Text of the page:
After two long days of travel, getting to bed around 9 pm was a breeze. Riding the bus shuttles to and from the dinner allowed us an opportunity to catch sights around the island which we missed not having our car. We wondered if the locals grasped what we were about to do and if they did, whether they even cared. I have mentioned before how refreshing it can be to those of us a little wrapped up in our running to go somewhere that the people either do not know or do not care about what you are doing.  It helps keep everything in perspective.  "Oh, you are going to run 25k or do a survival run.  That's nice.  I have to go plow those rocky fields over there with these emaciated oxen in order to eat tonight.  Enjoy!"

I did not know how well I would do in the race the next day but I figured top ten was feasible. All I had to do was show up and do it.

The Race

Basically, the race could be broken up into three parts- the roughly six mile run to the volcano, the three miles up it and then the six miles back down and return to the finish. My intentions were to be comfortably in sight of the leaders when we got off of the "roads" to head to the jungle staircase of the volcanic mountain of Concepion. At that point, I would promptly die going up the mountain, resurrect myself and then try to catch as many as possible on the way down.  This way of running had served me well at the Jupiter Peak Steeplechase a few years ago and as this race was the closest I had ever come to racing like this, I decided to employ the same methodology.  That race, starting at 7,000 feet and going to 10,000 feet over roughly seven miles, would not be as steep as here at FYA but the distance and total elevation loss and gain were virtually identical.  I assumed the higher starting elevation would approximate the humidity and heat I would deal with on this day.  Or at least I hoped so. To be honest, I had no other choice.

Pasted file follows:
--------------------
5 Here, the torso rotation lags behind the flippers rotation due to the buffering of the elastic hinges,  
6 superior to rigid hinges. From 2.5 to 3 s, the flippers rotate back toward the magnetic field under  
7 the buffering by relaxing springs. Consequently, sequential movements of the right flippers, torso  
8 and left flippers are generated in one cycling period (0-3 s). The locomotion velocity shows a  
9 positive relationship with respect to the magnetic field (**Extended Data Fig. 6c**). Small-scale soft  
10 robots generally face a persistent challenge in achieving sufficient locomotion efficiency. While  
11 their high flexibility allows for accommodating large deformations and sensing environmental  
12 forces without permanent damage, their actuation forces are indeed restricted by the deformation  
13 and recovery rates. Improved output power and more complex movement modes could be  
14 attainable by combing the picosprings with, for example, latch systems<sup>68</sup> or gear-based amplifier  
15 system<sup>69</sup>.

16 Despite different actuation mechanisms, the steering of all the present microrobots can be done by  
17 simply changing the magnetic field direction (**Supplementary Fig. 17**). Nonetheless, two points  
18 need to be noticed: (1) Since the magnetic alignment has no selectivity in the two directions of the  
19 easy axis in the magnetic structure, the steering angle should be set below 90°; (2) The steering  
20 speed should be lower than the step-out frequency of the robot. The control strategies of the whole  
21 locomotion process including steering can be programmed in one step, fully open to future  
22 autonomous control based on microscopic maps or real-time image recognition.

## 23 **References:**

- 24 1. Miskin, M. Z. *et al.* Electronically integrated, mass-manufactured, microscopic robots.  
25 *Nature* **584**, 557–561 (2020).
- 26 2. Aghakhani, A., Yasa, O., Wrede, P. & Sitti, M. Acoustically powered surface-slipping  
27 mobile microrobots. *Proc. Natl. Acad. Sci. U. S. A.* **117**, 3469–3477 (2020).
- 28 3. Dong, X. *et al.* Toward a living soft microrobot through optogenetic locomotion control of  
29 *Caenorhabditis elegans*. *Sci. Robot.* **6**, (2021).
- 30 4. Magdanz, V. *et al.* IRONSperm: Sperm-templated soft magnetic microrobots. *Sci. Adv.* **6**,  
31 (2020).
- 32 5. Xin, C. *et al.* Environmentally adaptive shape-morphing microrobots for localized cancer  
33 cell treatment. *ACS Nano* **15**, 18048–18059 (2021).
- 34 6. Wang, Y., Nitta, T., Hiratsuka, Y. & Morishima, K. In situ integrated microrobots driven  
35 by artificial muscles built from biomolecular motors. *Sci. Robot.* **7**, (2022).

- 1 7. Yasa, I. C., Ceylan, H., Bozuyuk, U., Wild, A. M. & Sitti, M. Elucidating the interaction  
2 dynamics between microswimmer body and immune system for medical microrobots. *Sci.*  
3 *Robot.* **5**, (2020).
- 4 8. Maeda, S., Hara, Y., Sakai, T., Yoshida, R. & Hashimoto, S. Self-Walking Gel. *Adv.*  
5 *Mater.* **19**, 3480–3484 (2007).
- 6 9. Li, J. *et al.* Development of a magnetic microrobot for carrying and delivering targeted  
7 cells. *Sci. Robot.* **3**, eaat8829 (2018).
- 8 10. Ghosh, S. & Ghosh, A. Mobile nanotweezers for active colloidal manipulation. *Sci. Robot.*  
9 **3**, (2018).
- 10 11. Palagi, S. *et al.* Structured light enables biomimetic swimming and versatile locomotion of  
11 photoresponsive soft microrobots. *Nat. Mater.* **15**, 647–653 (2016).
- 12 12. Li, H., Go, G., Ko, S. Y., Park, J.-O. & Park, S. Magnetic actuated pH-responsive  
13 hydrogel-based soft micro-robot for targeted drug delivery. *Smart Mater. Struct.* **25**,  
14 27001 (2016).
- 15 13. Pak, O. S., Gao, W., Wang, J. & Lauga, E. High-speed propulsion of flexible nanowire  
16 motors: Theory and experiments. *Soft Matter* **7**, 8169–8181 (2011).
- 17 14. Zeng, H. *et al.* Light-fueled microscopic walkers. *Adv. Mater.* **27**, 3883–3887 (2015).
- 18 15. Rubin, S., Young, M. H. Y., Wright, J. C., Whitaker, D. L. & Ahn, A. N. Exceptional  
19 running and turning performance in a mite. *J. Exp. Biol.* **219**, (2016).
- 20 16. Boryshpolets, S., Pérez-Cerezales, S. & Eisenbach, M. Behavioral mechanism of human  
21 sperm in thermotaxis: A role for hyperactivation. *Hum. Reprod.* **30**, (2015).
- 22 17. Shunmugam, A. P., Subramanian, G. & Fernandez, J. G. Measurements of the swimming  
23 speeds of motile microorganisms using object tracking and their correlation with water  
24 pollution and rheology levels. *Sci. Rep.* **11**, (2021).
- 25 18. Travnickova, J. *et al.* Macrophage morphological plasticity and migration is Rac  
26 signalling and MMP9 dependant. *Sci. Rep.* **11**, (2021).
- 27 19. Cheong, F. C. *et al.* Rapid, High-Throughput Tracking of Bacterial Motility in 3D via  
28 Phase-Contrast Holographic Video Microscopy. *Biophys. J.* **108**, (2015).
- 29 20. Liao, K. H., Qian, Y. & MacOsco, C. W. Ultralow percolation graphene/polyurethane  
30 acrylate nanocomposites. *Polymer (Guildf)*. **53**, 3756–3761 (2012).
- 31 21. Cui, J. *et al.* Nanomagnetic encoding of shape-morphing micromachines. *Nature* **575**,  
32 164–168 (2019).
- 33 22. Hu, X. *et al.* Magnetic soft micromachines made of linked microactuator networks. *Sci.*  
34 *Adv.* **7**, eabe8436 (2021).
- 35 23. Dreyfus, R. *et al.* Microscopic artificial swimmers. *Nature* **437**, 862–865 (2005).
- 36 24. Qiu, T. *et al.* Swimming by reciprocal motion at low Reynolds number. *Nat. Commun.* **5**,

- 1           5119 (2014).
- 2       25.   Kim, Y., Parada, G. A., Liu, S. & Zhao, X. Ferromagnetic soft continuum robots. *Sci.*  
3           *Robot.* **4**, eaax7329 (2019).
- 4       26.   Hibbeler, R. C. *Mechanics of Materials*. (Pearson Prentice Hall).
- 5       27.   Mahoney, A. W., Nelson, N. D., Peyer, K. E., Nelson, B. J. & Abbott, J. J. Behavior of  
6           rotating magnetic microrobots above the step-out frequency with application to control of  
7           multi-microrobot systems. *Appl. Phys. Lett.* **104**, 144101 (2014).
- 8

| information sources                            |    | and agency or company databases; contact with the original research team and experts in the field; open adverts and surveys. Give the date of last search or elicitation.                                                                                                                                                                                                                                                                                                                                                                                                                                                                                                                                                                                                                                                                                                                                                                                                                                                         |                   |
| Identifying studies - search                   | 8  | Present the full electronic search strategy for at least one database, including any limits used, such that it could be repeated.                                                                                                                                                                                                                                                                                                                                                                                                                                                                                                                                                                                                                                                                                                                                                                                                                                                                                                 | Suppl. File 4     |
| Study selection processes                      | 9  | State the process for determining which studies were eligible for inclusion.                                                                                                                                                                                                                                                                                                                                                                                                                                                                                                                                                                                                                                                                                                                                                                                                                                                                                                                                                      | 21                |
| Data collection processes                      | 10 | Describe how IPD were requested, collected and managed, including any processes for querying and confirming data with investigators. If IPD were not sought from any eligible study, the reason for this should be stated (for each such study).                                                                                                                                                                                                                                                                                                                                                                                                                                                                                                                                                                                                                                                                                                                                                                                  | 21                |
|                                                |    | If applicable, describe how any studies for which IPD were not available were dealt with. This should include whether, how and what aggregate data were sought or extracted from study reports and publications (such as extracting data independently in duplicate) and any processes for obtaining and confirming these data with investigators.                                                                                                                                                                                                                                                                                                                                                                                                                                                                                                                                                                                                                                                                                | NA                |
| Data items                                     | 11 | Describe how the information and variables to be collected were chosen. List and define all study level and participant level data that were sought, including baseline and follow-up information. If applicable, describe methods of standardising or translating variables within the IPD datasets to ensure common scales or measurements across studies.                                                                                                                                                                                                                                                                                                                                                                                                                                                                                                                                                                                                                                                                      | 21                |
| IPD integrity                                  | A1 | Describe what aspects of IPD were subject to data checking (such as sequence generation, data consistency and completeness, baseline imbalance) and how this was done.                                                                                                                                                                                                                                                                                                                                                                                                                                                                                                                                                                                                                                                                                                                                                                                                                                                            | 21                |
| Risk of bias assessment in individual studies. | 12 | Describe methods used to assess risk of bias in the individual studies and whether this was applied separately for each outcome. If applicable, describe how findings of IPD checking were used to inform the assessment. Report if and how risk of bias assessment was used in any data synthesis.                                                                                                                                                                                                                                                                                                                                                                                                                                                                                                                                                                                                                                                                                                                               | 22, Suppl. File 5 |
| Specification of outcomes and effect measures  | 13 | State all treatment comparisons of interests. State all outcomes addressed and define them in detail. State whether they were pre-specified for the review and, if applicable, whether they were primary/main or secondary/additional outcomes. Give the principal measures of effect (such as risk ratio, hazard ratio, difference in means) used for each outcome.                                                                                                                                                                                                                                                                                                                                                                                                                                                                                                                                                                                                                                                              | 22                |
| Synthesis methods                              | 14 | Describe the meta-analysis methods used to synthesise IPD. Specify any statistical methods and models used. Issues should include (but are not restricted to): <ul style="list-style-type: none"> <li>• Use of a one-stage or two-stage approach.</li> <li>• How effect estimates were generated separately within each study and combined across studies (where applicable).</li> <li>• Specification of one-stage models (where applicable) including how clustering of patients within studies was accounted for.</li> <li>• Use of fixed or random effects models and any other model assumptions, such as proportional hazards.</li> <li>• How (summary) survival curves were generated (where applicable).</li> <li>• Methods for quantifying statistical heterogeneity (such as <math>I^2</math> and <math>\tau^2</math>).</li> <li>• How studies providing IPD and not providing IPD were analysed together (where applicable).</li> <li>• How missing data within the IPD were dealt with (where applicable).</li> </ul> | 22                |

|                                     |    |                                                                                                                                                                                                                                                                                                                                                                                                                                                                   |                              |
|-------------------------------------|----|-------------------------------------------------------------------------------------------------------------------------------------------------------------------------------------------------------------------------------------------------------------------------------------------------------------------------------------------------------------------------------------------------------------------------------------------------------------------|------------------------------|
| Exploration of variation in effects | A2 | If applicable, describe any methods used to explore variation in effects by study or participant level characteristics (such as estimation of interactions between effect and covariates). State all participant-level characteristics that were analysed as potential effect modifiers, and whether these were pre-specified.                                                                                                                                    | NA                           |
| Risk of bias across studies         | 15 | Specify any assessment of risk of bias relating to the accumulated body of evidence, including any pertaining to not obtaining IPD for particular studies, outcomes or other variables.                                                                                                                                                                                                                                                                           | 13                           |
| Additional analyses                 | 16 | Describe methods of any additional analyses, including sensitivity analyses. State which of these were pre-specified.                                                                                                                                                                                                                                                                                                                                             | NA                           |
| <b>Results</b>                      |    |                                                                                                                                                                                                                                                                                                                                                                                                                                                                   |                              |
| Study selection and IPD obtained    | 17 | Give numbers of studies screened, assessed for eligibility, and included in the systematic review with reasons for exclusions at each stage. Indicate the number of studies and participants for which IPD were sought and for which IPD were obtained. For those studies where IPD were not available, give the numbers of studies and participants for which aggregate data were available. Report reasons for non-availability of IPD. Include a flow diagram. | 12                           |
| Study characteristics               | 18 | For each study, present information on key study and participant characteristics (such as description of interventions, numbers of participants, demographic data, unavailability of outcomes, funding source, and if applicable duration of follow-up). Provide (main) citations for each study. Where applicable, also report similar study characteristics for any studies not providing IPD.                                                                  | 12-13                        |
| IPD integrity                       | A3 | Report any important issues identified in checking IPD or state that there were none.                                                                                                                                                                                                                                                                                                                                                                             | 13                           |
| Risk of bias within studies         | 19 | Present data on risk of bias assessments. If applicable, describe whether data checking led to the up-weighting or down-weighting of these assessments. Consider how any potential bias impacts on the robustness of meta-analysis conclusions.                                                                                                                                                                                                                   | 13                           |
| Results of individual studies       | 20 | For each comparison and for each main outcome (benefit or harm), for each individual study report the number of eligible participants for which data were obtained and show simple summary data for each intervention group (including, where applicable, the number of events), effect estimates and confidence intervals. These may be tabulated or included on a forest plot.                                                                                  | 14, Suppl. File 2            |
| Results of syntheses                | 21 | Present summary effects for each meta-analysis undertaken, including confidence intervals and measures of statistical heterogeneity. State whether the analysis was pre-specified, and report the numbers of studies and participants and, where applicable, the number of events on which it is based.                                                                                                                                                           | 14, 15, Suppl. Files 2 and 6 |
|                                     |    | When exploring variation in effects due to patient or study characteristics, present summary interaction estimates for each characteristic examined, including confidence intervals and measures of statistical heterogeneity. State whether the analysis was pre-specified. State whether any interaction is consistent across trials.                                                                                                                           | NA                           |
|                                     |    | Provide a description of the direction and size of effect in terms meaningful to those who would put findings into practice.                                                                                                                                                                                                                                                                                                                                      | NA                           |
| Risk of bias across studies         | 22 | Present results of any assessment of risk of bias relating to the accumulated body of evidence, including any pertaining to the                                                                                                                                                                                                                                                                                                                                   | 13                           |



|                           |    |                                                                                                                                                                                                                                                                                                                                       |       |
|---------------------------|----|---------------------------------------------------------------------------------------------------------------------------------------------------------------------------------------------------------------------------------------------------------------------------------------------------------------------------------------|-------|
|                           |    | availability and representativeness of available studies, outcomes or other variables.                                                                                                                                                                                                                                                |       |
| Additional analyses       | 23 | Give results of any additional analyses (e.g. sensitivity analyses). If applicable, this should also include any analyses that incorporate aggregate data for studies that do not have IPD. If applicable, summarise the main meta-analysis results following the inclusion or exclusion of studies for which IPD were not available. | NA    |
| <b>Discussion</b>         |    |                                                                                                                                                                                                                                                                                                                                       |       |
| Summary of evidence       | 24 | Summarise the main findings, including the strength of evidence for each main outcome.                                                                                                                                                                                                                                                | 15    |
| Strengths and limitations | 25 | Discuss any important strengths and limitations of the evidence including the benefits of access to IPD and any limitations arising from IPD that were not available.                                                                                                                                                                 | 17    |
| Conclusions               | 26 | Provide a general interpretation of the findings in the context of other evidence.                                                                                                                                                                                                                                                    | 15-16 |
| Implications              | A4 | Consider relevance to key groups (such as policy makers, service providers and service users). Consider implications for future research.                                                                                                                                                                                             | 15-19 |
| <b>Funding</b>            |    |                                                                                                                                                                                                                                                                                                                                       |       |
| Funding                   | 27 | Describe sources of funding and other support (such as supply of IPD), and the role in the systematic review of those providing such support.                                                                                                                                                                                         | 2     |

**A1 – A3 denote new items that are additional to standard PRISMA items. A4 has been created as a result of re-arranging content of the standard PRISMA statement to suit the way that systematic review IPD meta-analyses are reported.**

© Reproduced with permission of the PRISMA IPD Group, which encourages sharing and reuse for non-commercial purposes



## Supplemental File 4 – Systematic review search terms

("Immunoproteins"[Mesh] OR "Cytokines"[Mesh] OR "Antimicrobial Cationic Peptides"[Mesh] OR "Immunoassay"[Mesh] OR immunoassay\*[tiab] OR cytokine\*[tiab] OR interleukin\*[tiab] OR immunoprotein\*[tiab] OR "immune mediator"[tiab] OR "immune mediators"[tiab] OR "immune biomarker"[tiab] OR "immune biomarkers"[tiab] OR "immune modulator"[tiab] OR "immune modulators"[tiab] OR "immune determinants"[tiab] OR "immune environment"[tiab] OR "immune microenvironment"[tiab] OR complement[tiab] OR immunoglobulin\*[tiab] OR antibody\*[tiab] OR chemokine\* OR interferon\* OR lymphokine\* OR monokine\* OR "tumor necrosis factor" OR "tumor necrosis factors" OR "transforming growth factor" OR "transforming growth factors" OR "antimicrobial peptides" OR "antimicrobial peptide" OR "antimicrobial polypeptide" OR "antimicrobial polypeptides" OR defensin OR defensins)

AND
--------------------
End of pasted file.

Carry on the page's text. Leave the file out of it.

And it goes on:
When the gun fired us off from the start, I felt good.  I really did not think I would be all that hot. There was a decent cloud cover to start the race and a breeze here and there. Perhaps it would be relatively decent!

The race course itself was approximately 15 miles long. Eleven of those miles were either flat(ish) or downhill.  There were only two aid stations but they came right before the big climb and then right at the top.  I had an 8 ounce CamelBak bottle which I felt would be perfectly fine. I fell in behind a few runners as a few others shot off in the distance.  Young looking and with no gear whatsoever, I figured they were newbies who would die in about four miles as us "seasoned" vets would real them in.  Virtually no time during these first 5-6 miles did I feel like I was pushing too hard.  I was not surprised to be sweating profusely .54 of a mile in (I checked on my Timex RunTrainer) but I was also not worried.  I simply drank liberally from the bottle and jogged along.